Friday, 6 April 2012

Book of the Week - John Lanchester, Capital

I have been on holiday recently, so have some catching up to do with recently released fiction. Capital is John Lanchester’s fourth novel and has been out for a while – however, it is quickly into its fifth or sixth printing (unusual for literary fiction nowadays) and addresses some important themes in the midst of the current economic crisis. Reviews have been positive (with a few less enthusiastic) - some have referred to Capital as a “state of the nation” novel. The author is well established and respected in the literary world, though not prolific, and this is the sort of book which could do well in this year’s Booker Prize. Time to pick up a first edition then – signed copies of the Faber hardcover are still available at around £20-25.

Lanchester was born in Hamburg in 1962 and was brought up in the far east. He has worked as a football reporter, obituary writer, book editor, restaurant critic, and deputy editor of the London Review of Books, where his pieces still appear. He is a regular contributor to the New Yorker. He has written three novels, The Debt to Pleasure, Mr Phillips and Fragrant Harbour, and two works of non-fiction: Family Romance, a memoir; and Whoops!: Why Everyone Owes Everyone and No One Can Pay, a book about the global financial crisis. The Debt to Pleasure (1996) is the fictional autobiography of sinister gourmet Tarquin Winot. It won the Whitbread First Novel Award, the Betty Trask Prize, the Hawthornden Prize, and an American prize, the Julia Child Award for 'literary food writing'. Mr Phillips (2000) relates the inner thoughts and fantasies of a redundant 50-year-old accountant, while Fragrant Harbour (2002) is set in Hong Kong and was shortlisted for the James Tait Black Memorial Prize. His more recent non-fiction includes Family Romance (2007), a memoir recountingthe story of his mother, a nun who walked out of the convent, changed her name, falsified her age, and concealed these facts from her husband and son until her death. Whoops!: why everyone owes everyone and no one can pay (2008), contains an analysis of contemporary finance and the current economic crisis, themes which feature strongly in Capital as well.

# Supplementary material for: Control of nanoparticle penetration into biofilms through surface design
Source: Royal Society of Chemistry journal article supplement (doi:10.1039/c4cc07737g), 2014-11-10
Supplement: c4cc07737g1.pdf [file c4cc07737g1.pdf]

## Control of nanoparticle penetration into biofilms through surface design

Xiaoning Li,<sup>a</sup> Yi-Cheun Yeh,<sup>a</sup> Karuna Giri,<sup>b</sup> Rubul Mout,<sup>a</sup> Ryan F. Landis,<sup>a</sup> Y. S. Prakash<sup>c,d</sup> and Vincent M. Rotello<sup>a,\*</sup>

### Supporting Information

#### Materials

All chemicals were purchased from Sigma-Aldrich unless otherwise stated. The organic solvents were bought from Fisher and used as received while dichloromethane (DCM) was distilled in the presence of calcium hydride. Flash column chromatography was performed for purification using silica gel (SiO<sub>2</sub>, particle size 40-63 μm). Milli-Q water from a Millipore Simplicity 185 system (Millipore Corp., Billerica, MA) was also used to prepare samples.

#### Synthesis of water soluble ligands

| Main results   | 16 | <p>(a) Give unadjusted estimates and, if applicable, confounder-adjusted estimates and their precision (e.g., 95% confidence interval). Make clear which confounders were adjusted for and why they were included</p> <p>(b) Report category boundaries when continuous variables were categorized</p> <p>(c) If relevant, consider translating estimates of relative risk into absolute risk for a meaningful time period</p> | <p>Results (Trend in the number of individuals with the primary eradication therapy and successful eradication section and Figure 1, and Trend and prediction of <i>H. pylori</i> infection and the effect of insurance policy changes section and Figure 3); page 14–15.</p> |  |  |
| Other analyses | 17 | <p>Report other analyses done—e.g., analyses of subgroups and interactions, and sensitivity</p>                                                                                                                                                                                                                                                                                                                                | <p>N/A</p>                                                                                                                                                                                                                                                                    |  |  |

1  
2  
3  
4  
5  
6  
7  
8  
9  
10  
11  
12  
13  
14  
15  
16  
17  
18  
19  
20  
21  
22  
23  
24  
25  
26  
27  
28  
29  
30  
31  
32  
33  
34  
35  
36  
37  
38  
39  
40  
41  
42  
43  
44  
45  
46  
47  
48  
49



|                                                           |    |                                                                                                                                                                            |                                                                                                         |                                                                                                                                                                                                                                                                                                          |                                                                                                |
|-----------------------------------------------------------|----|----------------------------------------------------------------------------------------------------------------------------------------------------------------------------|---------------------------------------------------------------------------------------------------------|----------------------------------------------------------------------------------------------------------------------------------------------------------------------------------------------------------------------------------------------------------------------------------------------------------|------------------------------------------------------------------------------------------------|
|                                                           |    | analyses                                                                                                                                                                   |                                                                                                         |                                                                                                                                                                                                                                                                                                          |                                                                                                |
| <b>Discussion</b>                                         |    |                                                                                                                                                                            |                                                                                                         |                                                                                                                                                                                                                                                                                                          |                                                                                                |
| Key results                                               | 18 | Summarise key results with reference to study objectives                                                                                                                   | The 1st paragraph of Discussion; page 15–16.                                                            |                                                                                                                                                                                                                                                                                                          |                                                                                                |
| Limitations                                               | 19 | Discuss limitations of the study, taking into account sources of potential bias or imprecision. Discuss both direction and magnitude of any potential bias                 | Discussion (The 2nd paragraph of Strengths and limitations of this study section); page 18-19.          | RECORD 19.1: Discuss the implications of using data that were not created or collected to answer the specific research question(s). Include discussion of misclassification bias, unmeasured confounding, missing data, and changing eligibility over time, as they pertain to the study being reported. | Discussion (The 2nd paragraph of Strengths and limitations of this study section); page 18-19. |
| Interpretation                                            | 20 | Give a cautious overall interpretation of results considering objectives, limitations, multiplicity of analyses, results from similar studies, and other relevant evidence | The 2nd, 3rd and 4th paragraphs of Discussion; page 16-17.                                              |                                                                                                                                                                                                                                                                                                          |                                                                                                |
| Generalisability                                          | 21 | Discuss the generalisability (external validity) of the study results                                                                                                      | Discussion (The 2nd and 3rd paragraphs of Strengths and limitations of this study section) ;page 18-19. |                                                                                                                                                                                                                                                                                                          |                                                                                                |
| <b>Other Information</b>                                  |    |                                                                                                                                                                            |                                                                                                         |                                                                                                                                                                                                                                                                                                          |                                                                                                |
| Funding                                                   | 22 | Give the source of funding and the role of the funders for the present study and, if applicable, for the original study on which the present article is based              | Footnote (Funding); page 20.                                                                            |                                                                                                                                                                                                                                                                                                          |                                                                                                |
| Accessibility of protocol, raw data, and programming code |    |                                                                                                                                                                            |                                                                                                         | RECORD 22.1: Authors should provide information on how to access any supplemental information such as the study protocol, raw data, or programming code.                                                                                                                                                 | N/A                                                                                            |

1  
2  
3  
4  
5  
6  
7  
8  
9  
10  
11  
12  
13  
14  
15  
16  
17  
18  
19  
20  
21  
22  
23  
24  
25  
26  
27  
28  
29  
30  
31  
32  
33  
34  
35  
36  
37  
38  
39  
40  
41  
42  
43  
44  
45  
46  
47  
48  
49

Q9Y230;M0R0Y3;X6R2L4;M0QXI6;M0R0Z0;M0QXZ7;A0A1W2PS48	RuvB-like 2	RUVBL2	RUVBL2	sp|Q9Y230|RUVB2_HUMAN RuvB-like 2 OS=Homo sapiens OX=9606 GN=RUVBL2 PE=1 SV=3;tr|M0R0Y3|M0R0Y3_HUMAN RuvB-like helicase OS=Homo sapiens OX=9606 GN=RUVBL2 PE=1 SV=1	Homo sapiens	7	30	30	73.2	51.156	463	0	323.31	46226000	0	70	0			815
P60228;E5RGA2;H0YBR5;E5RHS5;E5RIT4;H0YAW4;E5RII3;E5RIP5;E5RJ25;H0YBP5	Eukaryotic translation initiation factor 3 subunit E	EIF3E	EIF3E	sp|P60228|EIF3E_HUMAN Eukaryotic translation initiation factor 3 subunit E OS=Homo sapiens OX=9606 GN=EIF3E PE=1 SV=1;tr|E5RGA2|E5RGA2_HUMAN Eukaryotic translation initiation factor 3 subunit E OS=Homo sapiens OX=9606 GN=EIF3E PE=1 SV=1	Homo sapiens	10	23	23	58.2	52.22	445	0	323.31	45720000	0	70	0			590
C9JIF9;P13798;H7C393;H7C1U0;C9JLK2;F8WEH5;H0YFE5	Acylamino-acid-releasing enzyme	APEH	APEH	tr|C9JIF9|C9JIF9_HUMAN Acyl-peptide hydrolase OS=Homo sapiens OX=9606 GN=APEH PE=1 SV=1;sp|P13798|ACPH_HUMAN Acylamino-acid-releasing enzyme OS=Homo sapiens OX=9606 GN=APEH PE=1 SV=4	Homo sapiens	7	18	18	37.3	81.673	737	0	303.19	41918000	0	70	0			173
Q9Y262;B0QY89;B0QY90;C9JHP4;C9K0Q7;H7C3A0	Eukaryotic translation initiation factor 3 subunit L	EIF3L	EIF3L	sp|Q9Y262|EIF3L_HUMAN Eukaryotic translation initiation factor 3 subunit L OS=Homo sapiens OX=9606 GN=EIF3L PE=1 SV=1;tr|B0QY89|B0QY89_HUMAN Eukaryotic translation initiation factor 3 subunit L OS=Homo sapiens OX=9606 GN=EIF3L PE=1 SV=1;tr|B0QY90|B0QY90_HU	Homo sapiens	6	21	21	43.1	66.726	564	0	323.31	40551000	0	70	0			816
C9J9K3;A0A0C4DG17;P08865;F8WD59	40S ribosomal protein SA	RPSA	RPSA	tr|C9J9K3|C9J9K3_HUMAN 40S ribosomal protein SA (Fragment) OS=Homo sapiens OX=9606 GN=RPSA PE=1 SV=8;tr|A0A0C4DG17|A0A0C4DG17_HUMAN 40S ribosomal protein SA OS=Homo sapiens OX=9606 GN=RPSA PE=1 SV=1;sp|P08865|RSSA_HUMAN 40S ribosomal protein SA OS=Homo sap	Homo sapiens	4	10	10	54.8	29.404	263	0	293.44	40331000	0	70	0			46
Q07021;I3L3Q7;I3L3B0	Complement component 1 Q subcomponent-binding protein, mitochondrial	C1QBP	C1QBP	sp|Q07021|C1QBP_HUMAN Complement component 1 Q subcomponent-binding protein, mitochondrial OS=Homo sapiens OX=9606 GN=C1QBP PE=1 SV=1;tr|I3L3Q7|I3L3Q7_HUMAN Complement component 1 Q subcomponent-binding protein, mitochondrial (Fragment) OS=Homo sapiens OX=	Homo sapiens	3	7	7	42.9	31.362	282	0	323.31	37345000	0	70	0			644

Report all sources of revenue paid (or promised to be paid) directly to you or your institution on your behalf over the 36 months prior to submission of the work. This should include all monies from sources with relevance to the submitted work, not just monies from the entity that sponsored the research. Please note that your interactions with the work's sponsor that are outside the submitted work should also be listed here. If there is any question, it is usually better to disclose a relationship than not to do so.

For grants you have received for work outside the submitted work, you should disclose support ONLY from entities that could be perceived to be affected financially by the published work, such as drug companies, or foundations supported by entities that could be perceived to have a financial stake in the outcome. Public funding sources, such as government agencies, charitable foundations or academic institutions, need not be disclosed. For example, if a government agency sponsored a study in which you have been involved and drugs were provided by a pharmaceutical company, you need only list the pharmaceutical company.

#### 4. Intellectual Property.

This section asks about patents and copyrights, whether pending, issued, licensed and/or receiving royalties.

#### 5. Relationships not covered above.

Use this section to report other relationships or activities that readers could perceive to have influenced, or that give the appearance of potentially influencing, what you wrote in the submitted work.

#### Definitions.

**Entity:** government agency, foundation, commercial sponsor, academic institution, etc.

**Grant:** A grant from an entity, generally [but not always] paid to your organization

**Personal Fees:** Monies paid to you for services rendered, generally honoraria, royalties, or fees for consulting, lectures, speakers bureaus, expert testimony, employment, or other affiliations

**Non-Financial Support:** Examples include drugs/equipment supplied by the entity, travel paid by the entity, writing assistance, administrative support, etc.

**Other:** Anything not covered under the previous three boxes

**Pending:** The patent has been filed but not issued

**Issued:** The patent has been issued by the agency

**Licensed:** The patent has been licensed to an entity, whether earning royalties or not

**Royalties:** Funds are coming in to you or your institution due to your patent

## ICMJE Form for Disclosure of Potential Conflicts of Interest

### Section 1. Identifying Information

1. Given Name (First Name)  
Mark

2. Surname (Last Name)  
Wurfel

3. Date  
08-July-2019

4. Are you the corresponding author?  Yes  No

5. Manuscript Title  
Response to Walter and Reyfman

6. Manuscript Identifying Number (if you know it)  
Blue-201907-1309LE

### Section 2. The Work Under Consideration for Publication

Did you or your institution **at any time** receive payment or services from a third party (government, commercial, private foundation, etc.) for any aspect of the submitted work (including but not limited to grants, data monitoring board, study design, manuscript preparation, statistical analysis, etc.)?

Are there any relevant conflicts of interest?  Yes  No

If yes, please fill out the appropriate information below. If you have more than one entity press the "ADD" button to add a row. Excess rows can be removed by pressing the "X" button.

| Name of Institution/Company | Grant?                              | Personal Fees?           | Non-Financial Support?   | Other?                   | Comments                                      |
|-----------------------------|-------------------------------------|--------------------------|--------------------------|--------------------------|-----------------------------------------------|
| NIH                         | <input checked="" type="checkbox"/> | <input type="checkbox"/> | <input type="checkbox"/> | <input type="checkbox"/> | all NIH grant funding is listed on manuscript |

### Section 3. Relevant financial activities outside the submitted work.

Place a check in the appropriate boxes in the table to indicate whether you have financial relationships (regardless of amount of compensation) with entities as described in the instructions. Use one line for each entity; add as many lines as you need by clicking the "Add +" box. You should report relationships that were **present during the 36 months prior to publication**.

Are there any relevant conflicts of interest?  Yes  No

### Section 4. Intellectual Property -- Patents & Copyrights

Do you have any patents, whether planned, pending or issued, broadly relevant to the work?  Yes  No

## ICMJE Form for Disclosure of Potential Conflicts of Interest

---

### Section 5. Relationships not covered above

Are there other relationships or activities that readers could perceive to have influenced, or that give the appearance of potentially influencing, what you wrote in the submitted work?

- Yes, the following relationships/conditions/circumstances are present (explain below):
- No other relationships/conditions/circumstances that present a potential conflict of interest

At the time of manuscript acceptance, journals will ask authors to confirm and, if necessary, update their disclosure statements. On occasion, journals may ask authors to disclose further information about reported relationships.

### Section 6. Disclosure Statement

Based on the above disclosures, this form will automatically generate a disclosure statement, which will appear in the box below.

“Pepys Road: an ordinary street in the Capital. Each house has seen its fair share of first steps and last breaths, and plenty of laughter in between. Today, through each letterbox along this ordinary street drops a card with a simple message: We Want What You Have. At forty, Roger Yount is blessed with an expensively groomed wife, two small sons and a powerful job in the City. An annual bonus of a million might seem excessive, but with second homes and nannies to maintain, he's not sure he can get by without it. Elsewhere in the Capital, Zbigniew has come from Warsaw to indulge the super-rich in their interior decoration whims. Freddy Kano, teenage football sensation, has left a two-room shack in Senegal to follow his dream. Traffic warden Quentina has exchanged the violence of the police in Zimbabwe for the violence of the enraged middle classes. For them all, this city offers the chance of a different kind of life. Capital is a post-crash state-of-the nation novel told with compassion and humour, featuring a cast of characters that you will be sad to leave behind.”

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